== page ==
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Veverka's Blog for Heritage Interpreters
October 3rd, 2023

Today - CA drought affects dams and reservoirs


Free Climate Interpretation Resource Issues

These are timely past interpretive resourse issues.  If you want a copy (sent as a PFD)
just send me an e-mail:

                   Extreme climate change(Killer Heat - Global Flooding Issues)

Visit my new Climate Crisis/interpretation Resource Center:


3 October 2023 Hi and welcome to my first October 2023 blog. I had a lot going on for the summer of 2023- new courses and working on new textbooks. My new book and course: Heritage Economics: A Guide for Interpreters, Planners, Site Managers, and Educators has been published and out/available from MuseumsETC. I also have a new course on Economics for Heritage Interpreters now too.  Here's the link for the course details.  

Check out my new MUFON page:
I 'm training to become a formal UFO Investigator
in Michigan.  

Visit the website page for more details.


InterpNEWS New Updates

Thanks to a nice grant to cover my new computer and computer publishing programs,  all issues of InterpNEWS will be sent out FREE again.

Our May/June Issue - Secrets of the Deep is still available. Our issue interpreting mummies -stories from the afterlife -  for July/August 2023 is still available, as is the September/October issue.



InterpNEWS – May-June 2023 The Deep Blue Seas now available.

In this issue                  

-10 bizarre deep sea creatures found in 2022 - By Harry Baker    
- In photos: Spooky deep-sea creatures - By Remy Melina        
-Illuminating the facts of deep-sea bioluminescence       
-12 of the weirdest deep-sea creatures that lurk in the oceans' depths -Dr Jon Copley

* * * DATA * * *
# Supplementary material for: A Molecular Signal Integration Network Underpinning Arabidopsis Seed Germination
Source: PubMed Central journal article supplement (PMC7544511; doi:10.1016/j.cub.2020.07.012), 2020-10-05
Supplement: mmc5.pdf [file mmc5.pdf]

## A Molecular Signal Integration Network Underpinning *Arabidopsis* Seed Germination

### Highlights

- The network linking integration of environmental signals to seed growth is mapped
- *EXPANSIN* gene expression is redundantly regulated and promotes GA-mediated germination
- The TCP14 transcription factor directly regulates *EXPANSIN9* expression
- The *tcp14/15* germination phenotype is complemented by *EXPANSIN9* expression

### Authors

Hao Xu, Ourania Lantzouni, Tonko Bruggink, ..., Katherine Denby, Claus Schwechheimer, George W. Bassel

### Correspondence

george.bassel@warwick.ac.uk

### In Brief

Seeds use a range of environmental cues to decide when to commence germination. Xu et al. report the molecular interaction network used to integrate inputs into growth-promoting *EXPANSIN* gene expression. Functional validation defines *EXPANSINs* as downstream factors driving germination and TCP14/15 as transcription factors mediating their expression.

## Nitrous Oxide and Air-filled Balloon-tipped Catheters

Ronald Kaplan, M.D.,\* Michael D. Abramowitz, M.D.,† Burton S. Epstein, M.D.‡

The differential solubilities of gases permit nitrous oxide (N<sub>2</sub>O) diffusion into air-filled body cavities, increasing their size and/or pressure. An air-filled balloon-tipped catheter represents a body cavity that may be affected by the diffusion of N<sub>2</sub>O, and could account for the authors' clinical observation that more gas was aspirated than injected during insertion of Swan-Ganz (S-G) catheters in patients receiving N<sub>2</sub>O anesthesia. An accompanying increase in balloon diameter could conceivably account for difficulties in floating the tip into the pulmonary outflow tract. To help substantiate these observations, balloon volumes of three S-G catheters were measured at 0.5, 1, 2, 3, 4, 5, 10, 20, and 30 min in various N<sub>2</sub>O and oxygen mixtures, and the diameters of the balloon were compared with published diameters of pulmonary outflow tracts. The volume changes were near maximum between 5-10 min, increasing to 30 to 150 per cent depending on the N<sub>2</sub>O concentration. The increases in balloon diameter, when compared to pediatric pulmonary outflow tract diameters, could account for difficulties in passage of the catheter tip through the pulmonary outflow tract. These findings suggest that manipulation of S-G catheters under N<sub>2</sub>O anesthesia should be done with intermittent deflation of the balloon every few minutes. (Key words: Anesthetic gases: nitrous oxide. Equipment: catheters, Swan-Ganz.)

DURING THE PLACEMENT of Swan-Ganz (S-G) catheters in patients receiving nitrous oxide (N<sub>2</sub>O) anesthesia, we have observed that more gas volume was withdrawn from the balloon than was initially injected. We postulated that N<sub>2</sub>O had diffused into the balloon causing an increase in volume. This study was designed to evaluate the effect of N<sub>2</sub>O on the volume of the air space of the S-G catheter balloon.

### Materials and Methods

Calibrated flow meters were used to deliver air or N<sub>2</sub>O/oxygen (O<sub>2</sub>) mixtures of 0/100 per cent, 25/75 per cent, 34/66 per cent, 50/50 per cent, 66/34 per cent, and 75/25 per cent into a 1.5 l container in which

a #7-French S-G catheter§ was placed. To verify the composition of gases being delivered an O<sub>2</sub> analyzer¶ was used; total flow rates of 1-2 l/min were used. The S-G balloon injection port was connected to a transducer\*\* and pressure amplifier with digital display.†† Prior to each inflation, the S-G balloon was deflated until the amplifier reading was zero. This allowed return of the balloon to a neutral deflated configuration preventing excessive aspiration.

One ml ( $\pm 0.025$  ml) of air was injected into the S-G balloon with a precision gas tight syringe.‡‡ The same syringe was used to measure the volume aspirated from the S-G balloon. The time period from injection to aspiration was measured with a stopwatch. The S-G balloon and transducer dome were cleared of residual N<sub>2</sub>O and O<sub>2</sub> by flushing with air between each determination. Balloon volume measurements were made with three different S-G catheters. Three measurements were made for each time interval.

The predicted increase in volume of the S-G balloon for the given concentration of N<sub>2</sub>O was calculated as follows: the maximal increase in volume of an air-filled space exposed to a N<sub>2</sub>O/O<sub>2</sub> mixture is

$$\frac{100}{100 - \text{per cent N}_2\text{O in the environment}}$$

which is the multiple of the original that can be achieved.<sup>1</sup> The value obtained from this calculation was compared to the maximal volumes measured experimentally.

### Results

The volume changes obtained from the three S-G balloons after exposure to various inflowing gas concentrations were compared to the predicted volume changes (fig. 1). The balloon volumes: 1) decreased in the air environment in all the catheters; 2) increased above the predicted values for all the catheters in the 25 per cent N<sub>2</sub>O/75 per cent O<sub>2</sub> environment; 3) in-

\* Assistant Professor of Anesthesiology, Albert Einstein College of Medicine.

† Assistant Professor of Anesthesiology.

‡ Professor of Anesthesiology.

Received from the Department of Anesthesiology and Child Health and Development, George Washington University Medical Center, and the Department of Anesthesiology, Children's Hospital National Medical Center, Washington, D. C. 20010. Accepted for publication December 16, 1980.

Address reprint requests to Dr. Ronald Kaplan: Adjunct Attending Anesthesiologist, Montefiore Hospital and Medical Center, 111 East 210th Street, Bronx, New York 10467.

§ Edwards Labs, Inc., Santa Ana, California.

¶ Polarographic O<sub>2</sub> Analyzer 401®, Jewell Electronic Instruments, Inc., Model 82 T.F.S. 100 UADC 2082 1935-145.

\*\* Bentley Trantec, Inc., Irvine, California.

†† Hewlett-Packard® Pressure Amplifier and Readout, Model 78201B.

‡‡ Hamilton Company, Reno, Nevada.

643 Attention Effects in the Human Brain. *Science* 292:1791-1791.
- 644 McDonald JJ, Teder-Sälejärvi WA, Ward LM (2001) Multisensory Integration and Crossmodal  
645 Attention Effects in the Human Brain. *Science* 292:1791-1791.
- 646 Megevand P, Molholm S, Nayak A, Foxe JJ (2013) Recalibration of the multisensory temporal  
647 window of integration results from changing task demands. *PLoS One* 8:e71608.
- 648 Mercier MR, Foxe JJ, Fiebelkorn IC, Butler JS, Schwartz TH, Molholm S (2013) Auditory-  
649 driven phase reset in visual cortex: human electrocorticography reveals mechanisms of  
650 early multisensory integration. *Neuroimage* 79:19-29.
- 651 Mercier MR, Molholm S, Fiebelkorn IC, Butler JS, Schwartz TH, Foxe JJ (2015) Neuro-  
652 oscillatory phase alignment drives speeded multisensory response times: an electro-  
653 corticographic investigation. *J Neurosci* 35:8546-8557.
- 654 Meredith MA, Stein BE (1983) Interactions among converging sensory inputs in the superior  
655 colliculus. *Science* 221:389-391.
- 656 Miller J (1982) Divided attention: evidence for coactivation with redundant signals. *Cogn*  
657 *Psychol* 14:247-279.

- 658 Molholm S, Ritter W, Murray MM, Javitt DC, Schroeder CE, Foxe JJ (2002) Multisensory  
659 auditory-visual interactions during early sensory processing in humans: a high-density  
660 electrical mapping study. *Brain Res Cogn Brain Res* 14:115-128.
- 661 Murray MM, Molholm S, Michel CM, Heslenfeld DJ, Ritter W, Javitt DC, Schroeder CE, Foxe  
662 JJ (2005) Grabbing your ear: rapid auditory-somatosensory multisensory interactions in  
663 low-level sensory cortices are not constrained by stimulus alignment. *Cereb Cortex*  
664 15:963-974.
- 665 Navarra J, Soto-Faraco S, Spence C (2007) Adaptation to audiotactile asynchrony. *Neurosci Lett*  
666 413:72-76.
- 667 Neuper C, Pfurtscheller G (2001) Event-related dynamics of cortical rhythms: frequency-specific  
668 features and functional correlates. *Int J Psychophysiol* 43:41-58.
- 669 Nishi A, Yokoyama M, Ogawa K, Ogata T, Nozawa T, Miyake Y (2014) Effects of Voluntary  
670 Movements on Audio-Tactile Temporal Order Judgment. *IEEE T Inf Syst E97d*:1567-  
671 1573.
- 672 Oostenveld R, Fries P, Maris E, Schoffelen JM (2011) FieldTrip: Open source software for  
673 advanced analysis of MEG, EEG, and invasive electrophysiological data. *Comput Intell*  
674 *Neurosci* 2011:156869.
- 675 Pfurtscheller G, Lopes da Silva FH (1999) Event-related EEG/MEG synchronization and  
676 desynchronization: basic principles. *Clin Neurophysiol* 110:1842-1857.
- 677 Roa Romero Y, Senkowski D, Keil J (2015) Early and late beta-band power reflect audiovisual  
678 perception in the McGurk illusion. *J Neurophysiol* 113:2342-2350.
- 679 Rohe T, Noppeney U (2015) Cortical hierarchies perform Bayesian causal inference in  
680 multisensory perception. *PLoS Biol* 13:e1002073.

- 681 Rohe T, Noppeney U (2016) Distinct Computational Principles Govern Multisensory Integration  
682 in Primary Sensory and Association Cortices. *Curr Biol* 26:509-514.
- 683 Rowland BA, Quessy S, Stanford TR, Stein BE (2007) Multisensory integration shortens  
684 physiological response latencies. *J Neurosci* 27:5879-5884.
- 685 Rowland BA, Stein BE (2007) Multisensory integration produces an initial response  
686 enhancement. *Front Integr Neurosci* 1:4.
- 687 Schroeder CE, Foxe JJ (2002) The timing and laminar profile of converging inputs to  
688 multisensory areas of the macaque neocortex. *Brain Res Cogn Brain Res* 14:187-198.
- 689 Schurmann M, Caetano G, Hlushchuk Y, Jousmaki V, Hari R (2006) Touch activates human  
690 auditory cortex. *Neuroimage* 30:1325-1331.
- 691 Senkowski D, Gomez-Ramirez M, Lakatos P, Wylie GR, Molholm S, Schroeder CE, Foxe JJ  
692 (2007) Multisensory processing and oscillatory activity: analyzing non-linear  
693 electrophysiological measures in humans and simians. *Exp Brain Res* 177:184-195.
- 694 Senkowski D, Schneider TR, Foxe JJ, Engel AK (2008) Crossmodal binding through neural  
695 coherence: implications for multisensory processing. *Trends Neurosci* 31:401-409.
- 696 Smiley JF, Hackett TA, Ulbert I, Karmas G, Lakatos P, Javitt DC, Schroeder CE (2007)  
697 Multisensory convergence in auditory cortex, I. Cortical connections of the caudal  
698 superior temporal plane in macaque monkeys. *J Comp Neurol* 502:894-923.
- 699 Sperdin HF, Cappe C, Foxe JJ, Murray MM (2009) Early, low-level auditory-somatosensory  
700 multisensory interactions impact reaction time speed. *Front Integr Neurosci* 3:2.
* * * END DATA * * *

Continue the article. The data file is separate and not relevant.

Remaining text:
-Mysteries of the deep sea: 5 burning questions about Earth's final frontier- Helen Scales  
- Is deep-sea mining a cure for the climate crisis or a curse? by Robin McKie   
-What Organisms Live In The Mariana Trench?       
- In the ocean’s twilight zone, a fish that could feed the world – or destroy it. Helen Scales
-Trash in Marianas Trench: the World’s Deepest Garbage Destination - iBan Plastic Team
- Plastic proliferates at the bottom of world's deepest ocean trench – Sarah Gibbens  
- Life In The Extreme – Hydrothermal Vents        
- Giant Squid – Smithsonian          
-5 Surprising Facts About the Oarfish That Has Been Washing Up on Beaches –
-These women unlocked the mysteries of the deep sea. Nina Strochlic    
-Rolling in the Deep: Climate Change and Deep Sea Ecosystems. Katherine Beem   
-Research: the deep sea is slowly warming. NOAA-led research.     
-Researchers Find Massive Rare Sponge Mounds Hiding in the Deep Sea. NOAA   
-Chambered Nautilus. NOAA  


July/August 2023 InterpNEWS Issue.
Mummies - stories from the afterlife.

In this very special issue interpreting mummies:   stories from the afterlife.              

-Mummies in Ancient Egypt and the Process of Mummification – History   
-Mummification: The lost art of embalming the dead - Tom Garlinghouse
-Ötzi the Iceman: The famous frozen mummy - Tom Garlinghouse, Jessica Leggett  
-What Did Tollund Man, Eat Before He Died? N.McGreevy      
-The Ill-fated Elling Woman: An Iron Age Sacrifice to Appease the Gods? Ancient Origins
-The Chilling Mystery Of The Yde Girl, The World’s Most Infamous Bog Mummy
Marco Margaritoff | Edited By Erik Hawkins       
-"Frankenstein" Bog Mummies Discovered in Scotland. Rachel Kaufman    
-Peruvian Mummies